The Journal of Extension -

December 2013 // Volume 51 // Number 6 // Ideas at Work // v51-6iw1

Repeat Customer Success in Extension

Four multi-session research-based programs were offered by two Extension specialist in one rural Missouri county. Eleven participants who came to multiple Extension programs could be called "repeat customers." Based on the total number of participants for all four programs, 25% could be deemed as repeat customers. Repeat customers had increased attendance and participation (attending at least 60% of the class sessions) as well as developed relationships with other participants. One key to keeping participants involved is to schedule future programs to begin shortly after the current program ends to keep engagement and excitement levels high.

Melissa M. Bess
Nutrition and Health Education Specialist
Camdenton, Camden County

Sarah M. Traub
Human Development and Family Studies Specialist
Waynesville, Pulaski County

University of Missouri Extension


O'Neill (1993) said the following.

A marketing principle called "the lifetime value of a customer" says it's easier to sell to someone who has used your product or service before than to someone who doesn't know you. Extension's "product" is research-based information and our "repeat customers" are clients who come back to subsequent educational programs after being satisfied with their first.

Program information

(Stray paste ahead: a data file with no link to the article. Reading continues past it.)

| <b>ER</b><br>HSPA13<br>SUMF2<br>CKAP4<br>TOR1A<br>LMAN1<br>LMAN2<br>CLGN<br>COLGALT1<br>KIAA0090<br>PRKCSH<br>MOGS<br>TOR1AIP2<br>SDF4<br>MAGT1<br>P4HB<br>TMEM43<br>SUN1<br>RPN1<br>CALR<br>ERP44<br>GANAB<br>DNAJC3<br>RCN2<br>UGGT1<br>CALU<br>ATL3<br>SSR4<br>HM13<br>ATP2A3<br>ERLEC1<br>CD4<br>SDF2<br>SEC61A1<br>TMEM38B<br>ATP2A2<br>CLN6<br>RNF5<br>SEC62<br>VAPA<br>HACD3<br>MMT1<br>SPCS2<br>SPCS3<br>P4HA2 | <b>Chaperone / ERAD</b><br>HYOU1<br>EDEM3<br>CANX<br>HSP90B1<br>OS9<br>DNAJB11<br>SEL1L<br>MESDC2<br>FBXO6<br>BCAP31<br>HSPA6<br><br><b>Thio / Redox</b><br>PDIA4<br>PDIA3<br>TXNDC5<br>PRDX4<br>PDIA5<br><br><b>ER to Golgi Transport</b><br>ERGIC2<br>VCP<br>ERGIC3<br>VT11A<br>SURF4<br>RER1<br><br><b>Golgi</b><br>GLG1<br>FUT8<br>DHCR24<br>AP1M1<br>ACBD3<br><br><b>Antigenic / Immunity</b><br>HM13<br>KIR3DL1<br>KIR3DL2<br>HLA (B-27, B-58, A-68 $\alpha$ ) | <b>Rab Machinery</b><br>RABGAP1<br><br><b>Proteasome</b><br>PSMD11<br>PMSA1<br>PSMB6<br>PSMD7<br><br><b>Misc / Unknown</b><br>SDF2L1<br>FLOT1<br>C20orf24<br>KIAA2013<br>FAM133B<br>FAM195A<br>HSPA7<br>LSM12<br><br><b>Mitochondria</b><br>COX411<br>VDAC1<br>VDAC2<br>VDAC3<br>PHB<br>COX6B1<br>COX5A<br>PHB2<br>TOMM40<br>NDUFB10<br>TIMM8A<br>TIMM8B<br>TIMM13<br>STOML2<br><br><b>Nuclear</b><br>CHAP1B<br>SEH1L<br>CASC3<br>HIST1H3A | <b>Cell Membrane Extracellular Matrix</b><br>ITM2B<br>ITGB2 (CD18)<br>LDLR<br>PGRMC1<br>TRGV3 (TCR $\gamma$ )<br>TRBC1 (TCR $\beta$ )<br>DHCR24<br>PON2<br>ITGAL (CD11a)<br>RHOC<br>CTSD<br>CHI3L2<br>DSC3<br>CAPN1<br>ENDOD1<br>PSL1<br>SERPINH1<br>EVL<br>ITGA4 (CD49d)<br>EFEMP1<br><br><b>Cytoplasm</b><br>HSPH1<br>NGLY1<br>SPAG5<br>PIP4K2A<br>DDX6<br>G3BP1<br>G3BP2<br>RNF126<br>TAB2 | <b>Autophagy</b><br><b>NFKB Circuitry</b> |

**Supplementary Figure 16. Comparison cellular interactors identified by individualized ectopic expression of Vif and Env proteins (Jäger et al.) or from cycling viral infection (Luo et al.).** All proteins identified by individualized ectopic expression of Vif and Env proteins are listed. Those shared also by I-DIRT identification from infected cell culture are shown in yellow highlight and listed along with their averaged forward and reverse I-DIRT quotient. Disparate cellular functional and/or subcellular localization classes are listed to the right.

In one rural Missouri county, two Extension specialists delivered four research-based programs in 2012. First was the Matter of Balance (MOB) program from Boston University, which is an 8-week program that emphasized basic physical activities and fall prevention. Funding for this program was offset by a Human Environmental Sciences Extension Development (HEED) grant. Two weeks following that program, a Stay Strong, Stay Healthy (SSSH) program was offered. This was a 12-week program that taught proper strength training technique and enhanced strength, balance, and flexibility, and is based on the Tuft's StrongWomen program. Six weeks after the conclusion of that program, a Chronic Disease Self-Management Program (CDSMP) was taught, which is a 6-week program developed by Stanford University. A second SSSH class was also offered at the same time as the CDSMP. The target audience for all three programs was older adults.

Two Extension specialists, who are trained in all three programs, taught the programs. Both instructors taught MOB and CDSMP together, and each of them taught one of the 11-week sessions of SSSH.


There were 15 participants in MOB. Twelve participants completed at least 60% of the sessions (five of eight sessions). The first SSSH started with 20 participants. Three participants dropped out for health reasons. Thirteen participants attended at least 60% (seven out of 10) of the sessions. The CDSMP had 13 participants, and 10 attended at least 60% (four out of six) of the sessions. The second SSSH class had nine participants with four completing at least 60% of the classes.

Four participants attended all three programs. Four participants attended SSSH and CDSMP. Three participants attended MOB and SSSH.